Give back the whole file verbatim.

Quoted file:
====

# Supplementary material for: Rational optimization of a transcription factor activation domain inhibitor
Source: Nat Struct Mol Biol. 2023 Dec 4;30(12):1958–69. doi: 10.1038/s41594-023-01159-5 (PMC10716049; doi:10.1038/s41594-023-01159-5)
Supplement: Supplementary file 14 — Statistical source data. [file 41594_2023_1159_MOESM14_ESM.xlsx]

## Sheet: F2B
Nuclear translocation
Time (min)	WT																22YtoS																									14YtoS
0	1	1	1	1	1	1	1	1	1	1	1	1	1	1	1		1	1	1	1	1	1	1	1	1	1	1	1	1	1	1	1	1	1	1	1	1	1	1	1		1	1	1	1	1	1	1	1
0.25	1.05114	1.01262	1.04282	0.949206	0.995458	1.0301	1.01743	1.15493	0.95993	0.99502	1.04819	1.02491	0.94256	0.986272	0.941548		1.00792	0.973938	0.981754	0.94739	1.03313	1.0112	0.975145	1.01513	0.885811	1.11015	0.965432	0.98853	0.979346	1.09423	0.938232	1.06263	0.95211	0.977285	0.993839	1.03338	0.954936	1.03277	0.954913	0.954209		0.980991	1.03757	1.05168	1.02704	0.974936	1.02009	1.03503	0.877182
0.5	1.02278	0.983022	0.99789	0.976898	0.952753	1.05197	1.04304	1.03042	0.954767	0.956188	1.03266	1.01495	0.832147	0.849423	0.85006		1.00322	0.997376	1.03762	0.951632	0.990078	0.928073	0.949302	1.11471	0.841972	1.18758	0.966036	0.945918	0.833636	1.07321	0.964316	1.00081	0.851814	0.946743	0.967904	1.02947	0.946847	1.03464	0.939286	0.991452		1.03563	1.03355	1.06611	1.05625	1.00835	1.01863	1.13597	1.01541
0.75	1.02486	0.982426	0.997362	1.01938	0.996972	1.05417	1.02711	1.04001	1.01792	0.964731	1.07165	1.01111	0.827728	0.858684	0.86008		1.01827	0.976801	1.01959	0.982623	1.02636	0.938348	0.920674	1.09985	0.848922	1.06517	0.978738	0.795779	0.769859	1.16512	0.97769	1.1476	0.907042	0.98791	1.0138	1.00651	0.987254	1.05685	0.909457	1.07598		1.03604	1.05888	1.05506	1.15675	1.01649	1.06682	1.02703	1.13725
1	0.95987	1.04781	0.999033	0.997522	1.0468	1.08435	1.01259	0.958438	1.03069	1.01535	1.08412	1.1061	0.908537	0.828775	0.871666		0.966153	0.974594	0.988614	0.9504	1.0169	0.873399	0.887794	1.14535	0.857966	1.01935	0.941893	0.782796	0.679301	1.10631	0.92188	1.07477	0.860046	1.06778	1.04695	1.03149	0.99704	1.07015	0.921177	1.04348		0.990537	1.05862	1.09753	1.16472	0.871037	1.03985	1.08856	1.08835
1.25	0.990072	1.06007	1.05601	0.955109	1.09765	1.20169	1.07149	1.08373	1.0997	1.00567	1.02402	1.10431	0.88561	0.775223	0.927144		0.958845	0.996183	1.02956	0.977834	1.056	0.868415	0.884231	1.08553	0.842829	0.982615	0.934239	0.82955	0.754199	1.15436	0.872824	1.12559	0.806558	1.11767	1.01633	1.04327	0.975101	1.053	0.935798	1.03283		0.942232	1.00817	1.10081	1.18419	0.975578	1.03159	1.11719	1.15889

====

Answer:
# Supplementary material for: Rational optimization of a transcription factor activation domain inhibitor
Source: Nat Struct Mol Biol. 2023 Dec 4;30(12):1958–69. doi: 10.1038/s41594-023-01159-5 (PMC10716049; doi:10.1038/s41594-023-01159-5)
Supplement: Supplementary file 14 — Statistical source data. [file 41594_2023_1159_MOESM14_ESM.xlsx]

## Sheet: F2B
Nuclear translocation
Time (min)	WT																22YtoS																									14YtoS
0	1	1	1	1	1	1	1	1	1	1	1	1	1	1	1		1	1	1	1	1	1	1	1	1	1	1	1	1	1	1	1	1	1	1	1	1	1	1	1		1	1	1	1	1	1	1	1
0.25	1.05114	1.01262	1.04282	0.949206	0.995458	1.0301	1.01743	1.15493	0.95993	0.99502	1.04819	1.02491	0.94256	0.986272	0.941548		1.00792	0.973938	0.981754	0.94739	1.03313	1.0112	0.975145	1.01513	0.885811	1.11015	0.965432	0.98853	0.979346	1.09423	0.938232	1.06263	0.95211	0.977285	0.993839	1.03338	0.954936	1.03277	0.954913	0.954209		0.980991	1.03757	1.05168	1.02704	0.974936	1.02009	1.03503	0.877182
0.5	1.02278	0.983022	0.99789	0.976898	0.952753	1.05197	1.04304	1.03042	0.954767	0.956188	1.03266	1.01495	0.832147	0.849423	0.85006		1.00322	0.997376	1.03762	0.951632	0.990078	0.928073	0.949302	1.11471	0.841972	1.18758	0.966036	0.945918	0.833636	1.07321	0.964316	1.00081	0.851814	0.946743	0.967904	1.02947	0.946847	1.03464	0.939286	0.991452		1.03563	1.03355	1.06611	1.05625	1.00835	1.01863	1.13597	1.01541
0.75	1.02486	0.982426	0.997362	1.01938	0.996972	1.05417	1.02711	1.04001	1.01792	0.964731	1.07165	1.01111	0.827728	0.858684	0.86008		1.01827	0.976801	1.01959	0.982623	1.02636	0.938348	0.920674	1.09985	0.848922	1.06517	0.978738	0.795779	0.769859	1.16512	0.97769	1.1476	0.907042	0.98791	1.0138	1.00651	0.987254	1.05685	0.909457	1.07598		1.03604	1.05888	1.05506	1.15675	1.01649	1.06682	1.02703	1.13725
1	0.95987	1.04781	0.999033	0.997522	1.0468	1.08435	1.01259	0.958438	1.03069	1.01535	1.08412	1.1061	0.908537	0.828775	0.871666		0.966153	0.974594	0.988614	0.9504	1.0169	0.873399	0.887794	1.14535	0.857966	1.01935	0.941893	0.782796	0.679301	1.10631	0.92188	1.07477	0.860046	1.06778	1.04695	1.03149	0.99704	1.07015	0.921177	1.04348		0.990537	1.05862	1.09753	1.16472	0.871037	1.03985	1.08856	1.08835
1.25	0.990072	1.06007	1.05601	0.955109	1.09765	1.20169	1.07149	1.08373	1.0997	1.00567	1.02402	1.10431	0.88561	0.775223	0.927144		0.958845	0.996183	1.02956	0.977834	1.056	0.868415	0.884231	1.08553	0.842829	0.982615	0.934239	0.82955	0.754199	1.15436	0.872824	1.12559	0.806558	1.11767	1.01633	1.04327	0.975101	1.053	0.935798	1.03283		0.942232	1.00817	1.10081	1.18419	0.975578	1.03159	1.11719	1.15889